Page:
Wednesday, April 27, 2016

The Timucua White House is granted a Conditional Use Permit.


Benoit Glazer and The Timucua Arts Foundation has been providing world class art and music to the Orlando community free of charge for a long while. In 2007 Benoit built a custom home that was built around an acoustically perfect music hall with two levels of balconies overlooking the stage. The living room concert venue is completely soundproof so that neighbors never hear the music. Dozens of performances happen each year, most of them free of charge. Guests bring wine and food to the venue for each concert which cultivates a true sense of a community potluck. The Timucua Arts Foundation, is a benefactor to cutting edge music organizations like the Accidental Music Festival and the Civic Minded 5. The White House has established itself as a culture beacon for the Central Florida Music scene.

The home is in an area zoned for residential use, so the Orlando Municipal Planning Board demanded that Benoit apply for a conditional use permit. That type of permit is typically issued when the city wants to allow an activity beneficial to the community despite zoning restrictions. Without the permit, one of the most enlightened cultural lights in Orlando would be be extinguished. An online petition was established to try and save the White House. Over one hundred people signed it in the first hour. In all 832 people signed the petition.

At 8:30am on April 19th, Benoit and his wife Elaine Corrivev, sat in the City Counsel Chambers to hear the Planning Board's verdict. The Chambers were packed full of supporters for this home spun cultural institution. Jeremy Seghers sat in the row in front of me and Diana Rodriguez Portillo sat next to me to chat. There were so many friends of the arts in the room. The chair, Jason Searl, said he had to abstain from the vote since his little daughter takes piano lessons at the Benoit's house. He clearly couldn't be impartial. With in a matter of minutes, the Conditional Use Permit was granted. There was an audible sigh of relief and then most of the people in the room got up to leave. Exited conversations began and the celebration continued just outside the chamber doors. The concerts will continue with some conditions: Glazer will have to formalize a parking agreement with the city for use of nearby spaces at Wadeview Park, limit attendance to 99 guests and guarantee events end by 10:30 p.m. In some small measure, the bureaucrats won, but music and art will continue to shine at the White House.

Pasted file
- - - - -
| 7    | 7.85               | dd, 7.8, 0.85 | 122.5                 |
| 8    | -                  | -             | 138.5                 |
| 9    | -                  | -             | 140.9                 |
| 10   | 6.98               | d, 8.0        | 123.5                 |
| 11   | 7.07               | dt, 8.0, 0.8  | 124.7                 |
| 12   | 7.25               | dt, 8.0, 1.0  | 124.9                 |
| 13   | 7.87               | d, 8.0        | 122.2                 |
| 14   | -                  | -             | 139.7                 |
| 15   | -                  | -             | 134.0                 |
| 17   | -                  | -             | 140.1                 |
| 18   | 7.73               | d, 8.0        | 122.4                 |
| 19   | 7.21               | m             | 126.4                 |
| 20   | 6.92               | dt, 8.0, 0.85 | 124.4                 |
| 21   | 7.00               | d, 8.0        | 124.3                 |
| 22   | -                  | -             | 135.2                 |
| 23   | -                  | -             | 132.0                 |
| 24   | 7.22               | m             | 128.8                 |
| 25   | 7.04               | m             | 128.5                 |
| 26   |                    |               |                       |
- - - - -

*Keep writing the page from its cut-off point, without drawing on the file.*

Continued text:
This, we believe:
Art and music belong to everyone.
Art and music are the highest manifestation of our humanity.
Art and music should be enjoyed in the most intimate venue: the living room.
Every community is better when art and music are performed and nurtured within it.


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